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article imageCanadians asking Olympics Committee to boycott Russia Special

By Dinh Nguyen     Jul 26, 2013 in World
Following the persecution of homosexuals in Russia, thousands of people worldwide have banded together to protest, each in their own ways. In Canada, a petition to its Olympics Committee to boycott the 2014 Winter Olympics in Sochi, Russia, has come out.
The petition which is still in its infancy has slowly gained traction. Created on July 24, by David O’Garr of Hamilton, Ontario, the petition had 240 signatures by 7:30 p.m. the following day.
Since the Russian anti-gay propaganda law controversy, many have made petitions asking their country’s Olympics committees to boycott the upcoming Winter Olympics. 1412 people have signed the U.S. version of the petition thus far. It was only a matter of time for Canada.
“I chose to create this petition because it’s been weighing on my conscious for a while now,” said O’Garr. “To be honest I was waiting for someone else to step up to the plate, but I couldn’t wait any longer. The Winter Olympics are less than a year away; we need to start talking about this now.”
The Anti-gay propaganda bill that was signed into law by Russian President, Vladimir Putin on June 30, prohibits queer pride marches and public display of homosexuality among other things. Under the same law, Putin has also signed another bill allowing police to arrest tourists who are believed to be homosexual. Much violence against homosexuals and allies in public has also occurred in Russia. (Click here to see photos compiled by BuzzFeed). This has helped spark more projects against the Russian anti-gay situation.
Among some initatives, members of the queer community and allies are boycotting Russian Vodka, according to The Atlantic Wire. In Canada, Toronto’s Wayla Bar no longer serves Russian Spirits. To show support for the movement, they are no longer carrying Vodka or Brandy. There is also a petition urging companies: Coca-Cola, Panasonic, VISA, Samsung, and Procter&Gamble to pull their sponsorship from the Olympics.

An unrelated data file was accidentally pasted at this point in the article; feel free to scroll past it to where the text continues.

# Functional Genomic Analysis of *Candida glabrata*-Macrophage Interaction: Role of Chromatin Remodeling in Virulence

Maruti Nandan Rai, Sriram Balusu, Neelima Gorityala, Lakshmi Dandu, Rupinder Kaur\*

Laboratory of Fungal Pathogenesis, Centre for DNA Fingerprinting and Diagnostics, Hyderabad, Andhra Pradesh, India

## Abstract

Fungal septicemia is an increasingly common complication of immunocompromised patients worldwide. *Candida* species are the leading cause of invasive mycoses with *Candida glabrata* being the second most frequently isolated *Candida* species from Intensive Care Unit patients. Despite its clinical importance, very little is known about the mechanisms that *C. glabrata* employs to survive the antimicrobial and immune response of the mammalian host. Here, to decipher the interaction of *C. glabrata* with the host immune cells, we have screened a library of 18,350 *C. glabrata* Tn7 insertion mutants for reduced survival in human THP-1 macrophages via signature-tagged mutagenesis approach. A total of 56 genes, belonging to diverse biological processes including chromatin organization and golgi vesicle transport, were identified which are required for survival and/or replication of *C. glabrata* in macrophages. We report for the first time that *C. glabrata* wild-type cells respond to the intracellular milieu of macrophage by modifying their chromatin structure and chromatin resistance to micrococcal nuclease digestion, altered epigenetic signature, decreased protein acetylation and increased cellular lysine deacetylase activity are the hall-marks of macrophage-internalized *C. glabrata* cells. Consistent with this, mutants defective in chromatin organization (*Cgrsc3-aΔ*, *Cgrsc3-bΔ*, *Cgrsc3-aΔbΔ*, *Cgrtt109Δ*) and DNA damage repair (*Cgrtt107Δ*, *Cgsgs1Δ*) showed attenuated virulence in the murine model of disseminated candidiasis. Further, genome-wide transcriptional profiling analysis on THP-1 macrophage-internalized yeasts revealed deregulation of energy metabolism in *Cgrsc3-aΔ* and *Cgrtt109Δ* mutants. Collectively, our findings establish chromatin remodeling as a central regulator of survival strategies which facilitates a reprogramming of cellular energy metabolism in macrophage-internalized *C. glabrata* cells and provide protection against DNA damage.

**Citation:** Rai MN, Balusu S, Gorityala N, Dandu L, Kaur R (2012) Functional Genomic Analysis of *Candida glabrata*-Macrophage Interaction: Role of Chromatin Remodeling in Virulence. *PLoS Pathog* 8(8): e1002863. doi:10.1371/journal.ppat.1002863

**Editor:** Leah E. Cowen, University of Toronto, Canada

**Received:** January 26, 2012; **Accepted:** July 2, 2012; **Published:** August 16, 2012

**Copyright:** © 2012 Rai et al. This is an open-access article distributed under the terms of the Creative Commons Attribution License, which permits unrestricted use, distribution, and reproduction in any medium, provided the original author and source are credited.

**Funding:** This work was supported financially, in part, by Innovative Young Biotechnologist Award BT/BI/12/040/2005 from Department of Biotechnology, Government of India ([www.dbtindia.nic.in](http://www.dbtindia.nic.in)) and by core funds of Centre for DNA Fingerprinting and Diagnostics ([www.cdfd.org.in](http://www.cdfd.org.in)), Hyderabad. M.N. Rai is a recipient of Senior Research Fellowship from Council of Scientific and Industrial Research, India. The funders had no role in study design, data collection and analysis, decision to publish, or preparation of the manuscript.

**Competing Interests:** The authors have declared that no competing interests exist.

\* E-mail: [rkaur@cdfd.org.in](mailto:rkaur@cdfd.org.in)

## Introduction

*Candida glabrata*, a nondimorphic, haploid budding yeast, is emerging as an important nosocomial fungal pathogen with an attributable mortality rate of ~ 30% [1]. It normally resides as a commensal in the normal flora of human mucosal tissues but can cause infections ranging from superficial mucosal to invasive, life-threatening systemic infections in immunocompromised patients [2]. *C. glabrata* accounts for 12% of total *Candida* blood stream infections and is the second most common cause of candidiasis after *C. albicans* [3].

O’Garr believes that while many people worldwide are doing what they can for the progression of gay rights, Canadians have an opportunity to make a difference:
“There is no doubt about it, Canada is a big contender in [the Olympics], could you imagine the impact it would have?” He said. “Canada has always been a leader in human rights, especially gay rights. If we take this stand, I think a lot of others would [follow] our lead. What would the Olympics be without Canada? If we can all stand together on this, and stand with the LGBTIQ citizens of Russia to publically say we support them […] this boycott will have a huge impact.”
Since the Olympics is an international event many see it as a tool that can be used to put pressure on the Russian government over the anti-gay controversy. However, there are those who strongly condemn what Putin is doing, but do not feel that using the Olympics is the right course of action.
“The Olympics are about coming together despite differences; it is about showing that we have more in common than we are different,” said American citizen and English teacher, Edward Morgan. “Punishing Russia, and people and countries like them, for their positions on homosexuality will only harden them further. A more effective way to fight for LGBT rights internationally would be to highlight the success of LGBT athletes at the Olympic Games.”
Morgan belives that exposure to homosexuality can make a positive impact, as it might make people more accepting of it. While exposure and using the Olympics are not mutually exclusive tactics, some believe that different types of exposure can be ineffective.
“ I have seen other ideas, about [gay]athletes going [to the Olympics] and everyone [wearing] rainbow pins in support of the LGBTIQ community. To be honest, I think it’s cute,” said O'Garr. “But I think that exposure will ultimately be ineffective. I highly doubt that Russia will risk an international incident by arresting all of these athletes so they will let it go on. Then as soon as the games are gone, the witch hunt continues, and the LGBTIQ community is still in harm’s way."
Click to see the American and Canadian petition.
More about Russia Gay rights, Queer rights, Lgbtq, gay propaganda laws, Russia
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